Exploring the symbolic and material effects of the rhetoric and the practice of colonization on people, territories and the environment, as well as their long-lasting repercussions. Presenters will discuss both explicit and disguised reenactments of the “colonial logic” at a local and global scale. Topics include contemporary efforts to obtain reparations for slavery in postcolonial spaces; the displacement of Japanese Americans during World War II and its links to environmental justice; the “colonial gaze” framing both landscapes and human bodies in contemporary documentary films; and the contradictions of current humanitarian interventions in formerly colonized territories.
Colonization, Slavery and Reparations: The Case of the Caribbean
Prof. Hanétha Vete-Congolo, Romance Languages and Literatures
Colonization and slavery have had multiple and multifaceted consequences on the populations and lands that were under their yoke. Efforts to obtain legal, economical and moral reparations have gained momentum and are currently under debate. Such are the cases of the claims presented by the CARICOM’s Reparations Commission, and the lawsuit pursued by the Le Conseil Mondial de la Diaspora Pan Africaine [The Global Council of the Pan-African Diaspora] and Le mouvement international pour les reparations [International Mouvement for Reparations] that jointly summoned the State of France to court. Prof. Vete-Congolo will outline the history of the Reparations movement in the Caribbean, and discuss the moral, political, philosophical and ethical scope of such initiatives in today’s world.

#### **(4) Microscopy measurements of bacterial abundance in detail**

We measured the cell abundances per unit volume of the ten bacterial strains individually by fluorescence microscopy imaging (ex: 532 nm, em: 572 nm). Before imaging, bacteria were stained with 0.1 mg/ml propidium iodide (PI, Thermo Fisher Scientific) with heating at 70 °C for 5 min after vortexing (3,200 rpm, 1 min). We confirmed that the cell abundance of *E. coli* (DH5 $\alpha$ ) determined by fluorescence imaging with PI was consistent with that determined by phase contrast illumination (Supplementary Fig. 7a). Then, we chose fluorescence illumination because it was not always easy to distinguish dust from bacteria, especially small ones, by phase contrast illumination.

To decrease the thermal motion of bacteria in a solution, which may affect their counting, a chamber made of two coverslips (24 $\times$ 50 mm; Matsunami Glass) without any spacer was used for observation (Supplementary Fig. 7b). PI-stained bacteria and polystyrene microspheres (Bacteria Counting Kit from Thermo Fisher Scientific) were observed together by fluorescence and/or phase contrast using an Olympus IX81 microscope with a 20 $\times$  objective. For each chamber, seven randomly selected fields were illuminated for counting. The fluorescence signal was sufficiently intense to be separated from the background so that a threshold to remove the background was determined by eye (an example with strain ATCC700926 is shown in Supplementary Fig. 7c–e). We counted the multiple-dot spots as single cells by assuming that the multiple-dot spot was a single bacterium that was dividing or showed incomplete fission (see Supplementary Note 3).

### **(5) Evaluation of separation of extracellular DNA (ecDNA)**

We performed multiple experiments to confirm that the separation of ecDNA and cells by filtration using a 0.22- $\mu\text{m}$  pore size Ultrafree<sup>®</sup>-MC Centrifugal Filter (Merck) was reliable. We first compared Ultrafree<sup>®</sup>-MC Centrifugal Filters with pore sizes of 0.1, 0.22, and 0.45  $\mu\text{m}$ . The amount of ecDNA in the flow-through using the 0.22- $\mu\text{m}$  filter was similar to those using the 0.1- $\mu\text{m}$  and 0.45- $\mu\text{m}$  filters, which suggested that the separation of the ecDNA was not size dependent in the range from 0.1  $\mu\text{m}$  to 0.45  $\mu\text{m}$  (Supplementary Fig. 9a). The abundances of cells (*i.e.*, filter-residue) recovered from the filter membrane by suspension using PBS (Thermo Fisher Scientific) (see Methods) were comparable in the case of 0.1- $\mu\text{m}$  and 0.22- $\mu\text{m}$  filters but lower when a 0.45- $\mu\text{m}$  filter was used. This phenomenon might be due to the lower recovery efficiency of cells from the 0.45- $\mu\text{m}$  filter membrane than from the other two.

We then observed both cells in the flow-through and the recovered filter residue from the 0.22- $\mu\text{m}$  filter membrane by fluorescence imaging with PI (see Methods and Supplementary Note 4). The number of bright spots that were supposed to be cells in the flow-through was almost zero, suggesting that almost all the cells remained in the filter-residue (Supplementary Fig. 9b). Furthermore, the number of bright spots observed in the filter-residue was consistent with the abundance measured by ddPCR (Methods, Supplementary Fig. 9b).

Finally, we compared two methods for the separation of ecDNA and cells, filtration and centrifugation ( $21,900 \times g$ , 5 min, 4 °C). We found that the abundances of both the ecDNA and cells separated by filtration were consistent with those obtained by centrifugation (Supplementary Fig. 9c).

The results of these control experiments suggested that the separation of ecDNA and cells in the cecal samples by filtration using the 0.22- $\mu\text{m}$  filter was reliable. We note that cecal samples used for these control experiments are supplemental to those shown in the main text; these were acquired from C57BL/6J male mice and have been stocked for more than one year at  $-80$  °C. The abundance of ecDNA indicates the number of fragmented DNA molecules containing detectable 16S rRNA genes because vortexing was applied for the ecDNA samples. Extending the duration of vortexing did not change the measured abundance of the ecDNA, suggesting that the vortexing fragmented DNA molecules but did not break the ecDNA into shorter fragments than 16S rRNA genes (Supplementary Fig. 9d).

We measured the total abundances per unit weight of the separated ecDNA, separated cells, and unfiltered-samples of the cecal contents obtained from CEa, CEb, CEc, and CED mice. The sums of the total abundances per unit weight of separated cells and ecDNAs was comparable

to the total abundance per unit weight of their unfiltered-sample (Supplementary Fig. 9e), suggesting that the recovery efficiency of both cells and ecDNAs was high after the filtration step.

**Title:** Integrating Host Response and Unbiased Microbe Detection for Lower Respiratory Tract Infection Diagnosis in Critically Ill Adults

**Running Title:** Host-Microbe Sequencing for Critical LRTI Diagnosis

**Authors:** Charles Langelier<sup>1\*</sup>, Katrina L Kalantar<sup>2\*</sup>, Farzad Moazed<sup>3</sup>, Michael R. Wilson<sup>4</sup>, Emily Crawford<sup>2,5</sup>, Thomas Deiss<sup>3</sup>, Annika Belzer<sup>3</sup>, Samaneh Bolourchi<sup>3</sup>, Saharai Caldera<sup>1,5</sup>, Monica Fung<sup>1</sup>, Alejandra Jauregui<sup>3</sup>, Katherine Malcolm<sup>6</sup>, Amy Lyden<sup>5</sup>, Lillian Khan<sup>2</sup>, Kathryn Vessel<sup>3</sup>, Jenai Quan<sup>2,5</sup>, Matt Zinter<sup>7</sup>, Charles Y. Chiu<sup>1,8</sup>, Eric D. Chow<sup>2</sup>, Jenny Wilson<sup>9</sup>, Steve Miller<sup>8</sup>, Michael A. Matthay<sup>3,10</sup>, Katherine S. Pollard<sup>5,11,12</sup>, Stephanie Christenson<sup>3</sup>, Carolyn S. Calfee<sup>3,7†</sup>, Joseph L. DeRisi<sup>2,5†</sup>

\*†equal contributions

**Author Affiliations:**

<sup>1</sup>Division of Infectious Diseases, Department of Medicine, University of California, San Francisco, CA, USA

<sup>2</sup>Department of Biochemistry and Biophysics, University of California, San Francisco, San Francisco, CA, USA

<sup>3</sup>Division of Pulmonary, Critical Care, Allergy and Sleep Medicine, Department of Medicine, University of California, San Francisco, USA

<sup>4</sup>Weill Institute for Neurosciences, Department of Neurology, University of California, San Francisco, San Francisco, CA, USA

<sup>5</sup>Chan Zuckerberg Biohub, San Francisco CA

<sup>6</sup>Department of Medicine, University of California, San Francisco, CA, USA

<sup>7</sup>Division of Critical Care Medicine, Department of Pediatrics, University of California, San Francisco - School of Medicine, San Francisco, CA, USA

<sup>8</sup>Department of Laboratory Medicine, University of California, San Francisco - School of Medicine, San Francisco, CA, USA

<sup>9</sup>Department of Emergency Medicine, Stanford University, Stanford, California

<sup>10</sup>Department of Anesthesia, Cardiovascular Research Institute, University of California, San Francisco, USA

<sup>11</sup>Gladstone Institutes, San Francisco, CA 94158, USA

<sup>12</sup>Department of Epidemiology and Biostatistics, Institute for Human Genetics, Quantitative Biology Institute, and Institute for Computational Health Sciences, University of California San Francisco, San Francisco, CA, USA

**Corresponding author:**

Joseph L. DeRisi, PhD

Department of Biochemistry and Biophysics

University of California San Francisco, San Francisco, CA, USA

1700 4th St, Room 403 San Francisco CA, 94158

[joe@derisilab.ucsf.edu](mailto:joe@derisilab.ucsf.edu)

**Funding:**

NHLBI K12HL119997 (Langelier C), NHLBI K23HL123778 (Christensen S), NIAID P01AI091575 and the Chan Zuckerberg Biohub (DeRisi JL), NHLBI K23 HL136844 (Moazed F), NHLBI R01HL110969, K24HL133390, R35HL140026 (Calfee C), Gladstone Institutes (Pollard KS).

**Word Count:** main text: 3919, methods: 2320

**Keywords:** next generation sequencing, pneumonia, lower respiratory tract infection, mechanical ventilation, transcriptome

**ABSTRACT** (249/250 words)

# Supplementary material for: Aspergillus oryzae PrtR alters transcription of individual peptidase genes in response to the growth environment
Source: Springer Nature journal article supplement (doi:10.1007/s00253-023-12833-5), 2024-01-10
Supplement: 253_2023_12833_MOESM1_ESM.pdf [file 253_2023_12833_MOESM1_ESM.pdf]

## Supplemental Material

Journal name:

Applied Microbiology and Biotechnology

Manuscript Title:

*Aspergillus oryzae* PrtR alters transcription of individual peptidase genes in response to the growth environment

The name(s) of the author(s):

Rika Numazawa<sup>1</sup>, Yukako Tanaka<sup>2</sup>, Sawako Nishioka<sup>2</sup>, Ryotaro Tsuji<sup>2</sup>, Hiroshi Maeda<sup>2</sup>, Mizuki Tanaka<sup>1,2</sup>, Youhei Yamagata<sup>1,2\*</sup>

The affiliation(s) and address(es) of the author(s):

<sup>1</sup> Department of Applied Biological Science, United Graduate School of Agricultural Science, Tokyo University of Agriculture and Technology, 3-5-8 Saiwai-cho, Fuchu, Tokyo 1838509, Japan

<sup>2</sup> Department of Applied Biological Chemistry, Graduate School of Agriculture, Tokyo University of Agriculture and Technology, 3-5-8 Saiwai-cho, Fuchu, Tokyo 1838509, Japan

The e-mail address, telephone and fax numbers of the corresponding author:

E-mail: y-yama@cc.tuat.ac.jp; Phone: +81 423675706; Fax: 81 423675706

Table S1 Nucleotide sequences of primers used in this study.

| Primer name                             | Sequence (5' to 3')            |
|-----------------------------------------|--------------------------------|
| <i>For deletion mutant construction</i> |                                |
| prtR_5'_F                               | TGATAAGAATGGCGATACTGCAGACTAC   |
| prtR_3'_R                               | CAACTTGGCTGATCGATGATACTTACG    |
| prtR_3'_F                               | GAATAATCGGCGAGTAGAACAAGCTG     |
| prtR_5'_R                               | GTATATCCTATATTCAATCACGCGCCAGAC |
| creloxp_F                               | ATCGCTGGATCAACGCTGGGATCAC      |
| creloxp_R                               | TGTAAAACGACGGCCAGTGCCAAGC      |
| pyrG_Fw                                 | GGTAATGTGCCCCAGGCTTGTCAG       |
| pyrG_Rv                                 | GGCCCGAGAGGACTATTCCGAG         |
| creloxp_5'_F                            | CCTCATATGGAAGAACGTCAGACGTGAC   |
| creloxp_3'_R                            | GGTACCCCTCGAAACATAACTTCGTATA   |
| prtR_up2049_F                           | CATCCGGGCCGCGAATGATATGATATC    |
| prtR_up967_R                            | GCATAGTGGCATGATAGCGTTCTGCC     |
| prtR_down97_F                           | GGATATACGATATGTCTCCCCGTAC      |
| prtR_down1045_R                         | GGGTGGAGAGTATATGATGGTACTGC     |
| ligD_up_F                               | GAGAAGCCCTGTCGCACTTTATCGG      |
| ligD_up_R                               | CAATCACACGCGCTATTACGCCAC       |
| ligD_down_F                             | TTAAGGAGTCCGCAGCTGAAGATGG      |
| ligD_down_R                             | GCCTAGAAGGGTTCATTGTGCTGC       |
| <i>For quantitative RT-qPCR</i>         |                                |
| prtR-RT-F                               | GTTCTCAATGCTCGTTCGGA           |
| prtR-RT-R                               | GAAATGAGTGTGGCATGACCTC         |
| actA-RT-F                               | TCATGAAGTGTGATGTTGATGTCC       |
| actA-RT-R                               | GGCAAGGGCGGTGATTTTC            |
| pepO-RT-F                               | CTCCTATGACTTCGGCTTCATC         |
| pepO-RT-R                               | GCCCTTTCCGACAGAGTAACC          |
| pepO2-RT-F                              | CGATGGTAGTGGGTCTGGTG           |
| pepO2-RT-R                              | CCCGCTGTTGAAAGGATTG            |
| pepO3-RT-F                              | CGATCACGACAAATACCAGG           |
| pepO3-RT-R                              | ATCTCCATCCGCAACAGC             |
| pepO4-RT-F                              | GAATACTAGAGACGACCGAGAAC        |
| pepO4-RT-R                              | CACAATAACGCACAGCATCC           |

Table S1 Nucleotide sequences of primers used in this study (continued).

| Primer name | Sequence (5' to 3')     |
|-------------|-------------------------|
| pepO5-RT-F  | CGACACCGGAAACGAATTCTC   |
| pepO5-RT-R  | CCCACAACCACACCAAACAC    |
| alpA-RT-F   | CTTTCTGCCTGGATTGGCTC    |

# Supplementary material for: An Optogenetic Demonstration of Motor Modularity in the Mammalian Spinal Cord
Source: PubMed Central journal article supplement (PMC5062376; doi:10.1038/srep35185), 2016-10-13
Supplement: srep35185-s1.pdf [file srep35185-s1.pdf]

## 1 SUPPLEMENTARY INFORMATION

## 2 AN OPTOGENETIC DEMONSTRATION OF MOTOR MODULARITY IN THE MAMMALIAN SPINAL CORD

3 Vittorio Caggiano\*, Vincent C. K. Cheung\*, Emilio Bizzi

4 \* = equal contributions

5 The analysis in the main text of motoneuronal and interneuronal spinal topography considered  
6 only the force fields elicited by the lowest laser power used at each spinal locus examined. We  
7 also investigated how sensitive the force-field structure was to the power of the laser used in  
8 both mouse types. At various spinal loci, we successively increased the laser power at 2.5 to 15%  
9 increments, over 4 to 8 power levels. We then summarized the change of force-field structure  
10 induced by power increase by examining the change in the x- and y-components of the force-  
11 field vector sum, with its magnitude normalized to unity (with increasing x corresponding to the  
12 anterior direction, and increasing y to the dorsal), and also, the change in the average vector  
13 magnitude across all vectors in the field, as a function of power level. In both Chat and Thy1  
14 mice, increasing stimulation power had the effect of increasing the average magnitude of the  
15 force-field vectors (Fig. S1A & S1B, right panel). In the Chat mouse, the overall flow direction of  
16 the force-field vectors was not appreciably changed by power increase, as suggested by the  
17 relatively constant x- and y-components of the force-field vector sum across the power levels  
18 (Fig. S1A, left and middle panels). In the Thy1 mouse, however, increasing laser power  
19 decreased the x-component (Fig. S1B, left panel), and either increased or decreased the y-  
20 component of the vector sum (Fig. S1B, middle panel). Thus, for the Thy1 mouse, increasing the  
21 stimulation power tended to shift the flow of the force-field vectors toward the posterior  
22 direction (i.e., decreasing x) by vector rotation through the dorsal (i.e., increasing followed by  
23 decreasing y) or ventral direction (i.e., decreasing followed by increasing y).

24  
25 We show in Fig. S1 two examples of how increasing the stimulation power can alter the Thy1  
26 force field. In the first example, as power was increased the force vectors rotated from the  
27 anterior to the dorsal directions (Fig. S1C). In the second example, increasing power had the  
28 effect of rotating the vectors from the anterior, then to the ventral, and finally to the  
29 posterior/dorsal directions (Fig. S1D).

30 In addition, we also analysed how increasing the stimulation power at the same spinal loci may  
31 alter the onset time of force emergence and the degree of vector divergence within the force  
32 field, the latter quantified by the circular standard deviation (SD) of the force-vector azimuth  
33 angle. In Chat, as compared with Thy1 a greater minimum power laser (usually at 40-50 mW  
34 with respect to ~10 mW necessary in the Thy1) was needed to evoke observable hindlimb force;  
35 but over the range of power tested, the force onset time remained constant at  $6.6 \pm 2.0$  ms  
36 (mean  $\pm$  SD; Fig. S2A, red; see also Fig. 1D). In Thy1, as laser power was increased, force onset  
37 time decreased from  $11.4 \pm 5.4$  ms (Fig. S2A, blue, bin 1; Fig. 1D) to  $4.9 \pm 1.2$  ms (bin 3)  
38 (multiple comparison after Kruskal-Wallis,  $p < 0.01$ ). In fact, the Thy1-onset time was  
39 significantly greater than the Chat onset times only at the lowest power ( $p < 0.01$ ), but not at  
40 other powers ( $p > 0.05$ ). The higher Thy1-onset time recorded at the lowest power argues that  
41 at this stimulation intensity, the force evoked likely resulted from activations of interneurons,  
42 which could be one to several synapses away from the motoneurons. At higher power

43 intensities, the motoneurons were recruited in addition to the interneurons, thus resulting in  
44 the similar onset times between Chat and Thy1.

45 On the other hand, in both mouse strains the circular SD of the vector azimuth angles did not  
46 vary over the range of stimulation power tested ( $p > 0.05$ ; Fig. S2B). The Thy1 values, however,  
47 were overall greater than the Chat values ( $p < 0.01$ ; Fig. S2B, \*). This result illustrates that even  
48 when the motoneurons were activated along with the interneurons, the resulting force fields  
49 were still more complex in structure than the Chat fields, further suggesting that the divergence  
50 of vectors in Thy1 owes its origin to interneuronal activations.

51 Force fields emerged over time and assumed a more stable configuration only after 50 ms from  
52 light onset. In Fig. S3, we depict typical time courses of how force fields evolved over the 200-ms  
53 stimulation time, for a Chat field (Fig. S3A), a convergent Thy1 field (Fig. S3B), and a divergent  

The Nature of Japanese American Incarceration
Prof. Connie Chiang, History & Environmental Studies
The U.S. government’s removal and confinement of over 110,000 people of Japanese ancestry during World War II was a massive violation of civil liberties. It is important to consider that this injustice took shape and was deeply embedded in the landscapes of the American West. In this presentation, I will explore how the inequalities endured by Japanese Americans were connected to the environment and how federal officials tried to frame this policy as one that could improve and assimilate the non-white Americans under their charge.
The Humanitarian Situation in Haiti
Prof. Greg Beckett, Sociology and Anthropology
Humanitarianism presents itself as a universal moral good and few professions today enjoy a higher moral standing. Yet, what should we make of the historical and institutional connections between contemporary humanitarianism and European colonialism? Using the case of Haiti, Professor Greg Beckett explores some of the political, ethical, economic, and social dimensions of contemporary humanitarianism and its connections to colonialism, past and present.
Sublime Devastation in Manufactured Landscapes
Prof. Sarah Childress, Cinema Studies
Jennifer Baichwal’s documentary film Manufactured Landscapes celebrates the work of Canadian fine-art photographer Edward Burtynsky, whose large-scale landscape photographs of industrial wastelands in China and Bangladesh invite “first-world” viewers to meditate on humanity’s impact on the planet. Professor Childress addresses how, while raising awareness of colossal environmental destruction, both the photographs and the film also aestheticize that devastation, transforming the landscapes and the human bodies portrayed into consumable art objects. How do landscapes implicate their makers and viewers in colonial enterprises?